“Your mind might slip to a worse state if you’re so stressed. Don’t overwork yourself, Shance-san.”
I followed the novels and the first season of To Aru Majutsu No Index (or just Index) as well as the spinoff To Aru Kagaku No Railgun (or just Railgun), so it was only natural that I anticipated the news of a second season for Index. That being said, I am currently satisfied with how Index S2 is going.
What really got my attention on the first episode was the use of Japanese cultural traditions and artifacts. A bowman by the name of Yamisaka Ouma tries to retrieve a volume from Index’s library by using a crudely made Kagura stage and a Japanese artifact, the sacred Azusa-Yumi. The bowman said that if certain conditions are met, he can use the Azusa-Yumi to invade Index’s mind as if he were to possess her, therefore letting him retrieve the volume he needs. He never succeeded though, due to the poisonous properties of the grimoires, which can kill someone if they were to even touch a single book.
To analyze the ritual, let’s take a look at the elements used:
The Kagura stage.
The Kagura stage is, like what it says, a stage for Kagura, a theatrical play addressed to the gods. Shinto religion states that the stage dates back to the creation of Japan, where the gods created an impromptu stage using an overturned wash basin for dancing and merrymaking in order to draw out the Sun Goddess Amaterasu from hiding.
The Azusa-Yumi. Note that a black bow signifies female energy, which brings me to question as to why a male magician is using it.
On the other hand, the Azusa-Yumi is a ceremonial bow rumored to have been used by the great grandson of Amaterasu, Jimmu Tenno. It is said that the bow has the power to recognize and dispel evil spirits by simply plucking its string. Some also say that when played, it has the power to invoke the spells of shrine maidens for spiritual communication.
Now, to theoretically explain Ouma’s ritual. The Kagura stage, being a catalyst for a ritual (or “play”) addressed to the gods, amplified the holy power of the Azusa-Yumi by drawing out the power (or “attention”) of the gods. The Azusa-Yumi’s was then strengthened to the point where the person who invokes the ritual can spiritually transcend and thus acquire the ability to enter another individual’s subconscious, if not outright possess the individual. If the bow can commune with spirits, then it can also possess people spiritually once the bow’s power is amplified, which explains the ritual’s purpose: To invade the mind of a person to access the person’s memories. However, it is also interesting to note that while Ouma’s mind was invading Index’s, Index is still conscious. Index was also able to access Ouma’s memories, which means that the bow’s power applies not just to the person who invoked the ritual, but also to the target person of the ritual.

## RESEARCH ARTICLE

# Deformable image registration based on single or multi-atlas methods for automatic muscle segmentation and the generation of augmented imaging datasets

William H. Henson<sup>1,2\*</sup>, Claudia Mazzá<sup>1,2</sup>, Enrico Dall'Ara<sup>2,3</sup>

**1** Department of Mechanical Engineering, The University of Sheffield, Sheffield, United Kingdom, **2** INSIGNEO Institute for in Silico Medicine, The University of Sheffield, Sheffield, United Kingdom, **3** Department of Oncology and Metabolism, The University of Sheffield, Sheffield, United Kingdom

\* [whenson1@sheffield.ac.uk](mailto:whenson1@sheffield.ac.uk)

And there you have it! I hope this clears up any confusion anything concerning cultural traditions in the first episode. And yes, I do expect Index S2 to deliver much, much more on its future episodes. Hopefully, it doesn’t confuse the fans with all the arcane stuff flying around.
And uh, I’m no Shintoist. Please go easy on me with the comments about religion and the theories…
A page containing a brief description of two of Japan’s sacred bows:
Very nice articles about Kagura, which of course includes the stage and other artifacts essential to the play: